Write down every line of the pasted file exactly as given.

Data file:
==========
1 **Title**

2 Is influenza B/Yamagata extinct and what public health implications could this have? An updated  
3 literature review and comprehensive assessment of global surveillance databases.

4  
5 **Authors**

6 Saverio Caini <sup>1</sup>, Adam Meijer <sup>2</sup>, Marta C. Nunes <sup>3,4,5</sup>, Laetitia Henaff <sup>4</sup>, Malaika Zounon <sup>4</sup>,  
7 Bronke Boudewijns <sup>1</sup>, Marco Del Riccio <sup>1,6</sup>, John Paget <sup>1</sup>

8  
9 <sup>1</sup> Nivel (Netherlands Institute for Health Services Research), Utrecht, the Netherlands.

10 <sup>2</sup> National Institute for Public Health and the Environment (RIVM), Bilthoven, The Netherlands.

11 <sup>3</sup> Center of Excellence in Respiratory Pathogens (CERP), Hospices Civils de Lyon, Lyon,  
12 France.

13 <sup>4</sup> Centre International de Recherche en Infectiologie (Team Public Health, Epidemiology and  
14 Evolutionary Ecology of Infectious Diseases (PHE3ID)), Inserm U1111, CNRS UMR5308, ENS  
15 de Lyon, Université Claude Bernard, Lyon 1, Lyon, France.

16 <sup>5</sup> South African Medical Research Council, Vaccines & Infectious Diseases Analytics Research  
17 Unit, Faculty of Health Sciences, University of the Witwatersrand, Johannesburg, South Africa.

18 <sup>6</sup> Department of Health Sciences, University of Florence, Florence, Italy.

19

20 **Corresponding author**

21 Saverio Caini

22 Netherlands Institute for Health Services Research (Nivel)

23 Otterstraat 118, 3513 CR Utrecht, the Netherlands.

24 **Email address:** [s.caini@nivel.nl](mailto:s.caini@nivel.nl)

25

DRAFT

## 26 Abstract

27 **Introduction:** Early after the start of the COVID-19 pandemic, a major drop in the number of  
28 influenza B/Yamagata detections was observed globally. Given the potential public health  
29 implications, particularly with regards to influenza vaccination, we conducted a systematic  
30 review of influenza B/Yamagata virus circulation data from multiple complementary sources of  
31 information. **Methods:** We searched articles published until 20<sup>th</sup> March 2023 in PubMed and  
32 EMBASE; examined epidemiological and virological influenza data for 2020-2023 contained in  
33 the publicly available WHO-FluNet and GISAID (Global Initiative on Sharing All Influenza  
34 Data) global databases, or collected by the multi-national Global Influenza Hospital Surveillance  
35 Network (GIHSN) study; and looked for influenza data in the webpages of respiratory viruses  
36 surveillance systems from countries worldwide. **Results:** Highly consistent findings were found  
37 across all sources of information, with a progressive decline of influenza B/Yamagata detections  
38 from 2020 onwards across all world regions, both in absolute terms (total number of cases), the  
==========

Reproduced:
1 **Title**

2 Is influenza B/Yamagata extinct and what public health implications could this have? An updated  
3 literature review and comprehensive assessment of global surveillance databases.

4  
5 **Authors**

6 Saverio Caini <sup>1</sup>, Adam Meijer <sup>2</sup>, Marta C. Nunes <sup>3,4,5</sup>, Laetitia Henaff <sup>4</sup>, Malaika Zounon <sup>4</sup>,  
7 Bronke Boudewijns <sup>1</sup>, Marco Del Riccio <sup>1,6</sup>, John Paget <sup>1</sup>

8  
9 <sup>1</sup> Nivel (Netherlands Institute for Health Services Research), Utrecht, the Netherlands.

10 <sup>2</sup> National Institute for Public Health and the Environment (RIVM), Bilthoven, The Netherlands.

11 <sup>3</sup> Center of Excellence in Respiratory Pathogens (CERP), Hospices Civils de Lyon, Lyon,  
12 France.

13 <sup>4</sup> Centre International de Recherche en Infectiologie (Team Public Health, Epidemiology and  
14 Evolutionary Ecology of Infectious Diseases (PHE3ID)), Inserm U1111, CNRS UMR5308, ENS  
15 de Lyon, Université Claude Bernard, Lyon 1, Lyon, France.

16 <sup>5</sup> South African Medical Research Council, Vaccines & Infectious Diseases Analytics Research  
17 Unit, Faculty of Health Sciences, University of the Witwatersrand, Johannesburg, South Africa.

18 <sup>6</sup> Department of Health Sciences, University of Florence, Florence, Italy.

19

20 **Corresponding author**

21 Saverio Caini

22 Netherlands Institute for Health Services Research (Nivel)

23 Otterstraat 118, 3513 CR Utrecht, the Netherlands.

24 **Email address:** [s.caini@nivel.nl](mailto:s.caini@nivel.nl)

25

DRAFT

## 26 Abstract

27 **Introduction:** Early after the start of the COVID-19 pandemic, a major drop in the number of  
28 influenza B/Yamagata detections was observed globally. Given the potential public health  
29 implications, particularly with regards to influenza vaccination, we conducted a systematic  
30 review of influenza B/Yamagata virus circulation data from multiple complementary sources of  
31 information. **Methods:** We searched articles published until 20<sup>th</sup> March 2023 in PubMed and  
32 EMBASE; examined epidemiological and virological influenza data for 2020-2023 contained in  
33 the publicly available WHO-FluNet and GISAID (Global Initiative on Sharing All Influenza  
34 Data) global databases, or collected by the multi-national Global Influenza Hospital Surveillance  
35 Network (GIHSN) study; and looked for influenza data in the webpages of respiratory viruses  
36 surveillance systems from countries worldwide. **Results:** Highly consistent findings were found  
37 across all sources of information, with a progressive decline of influenza B/Yamagata detections  
38 from 2020 onwards across all world regions, both in absolute terms (total number of cases), the  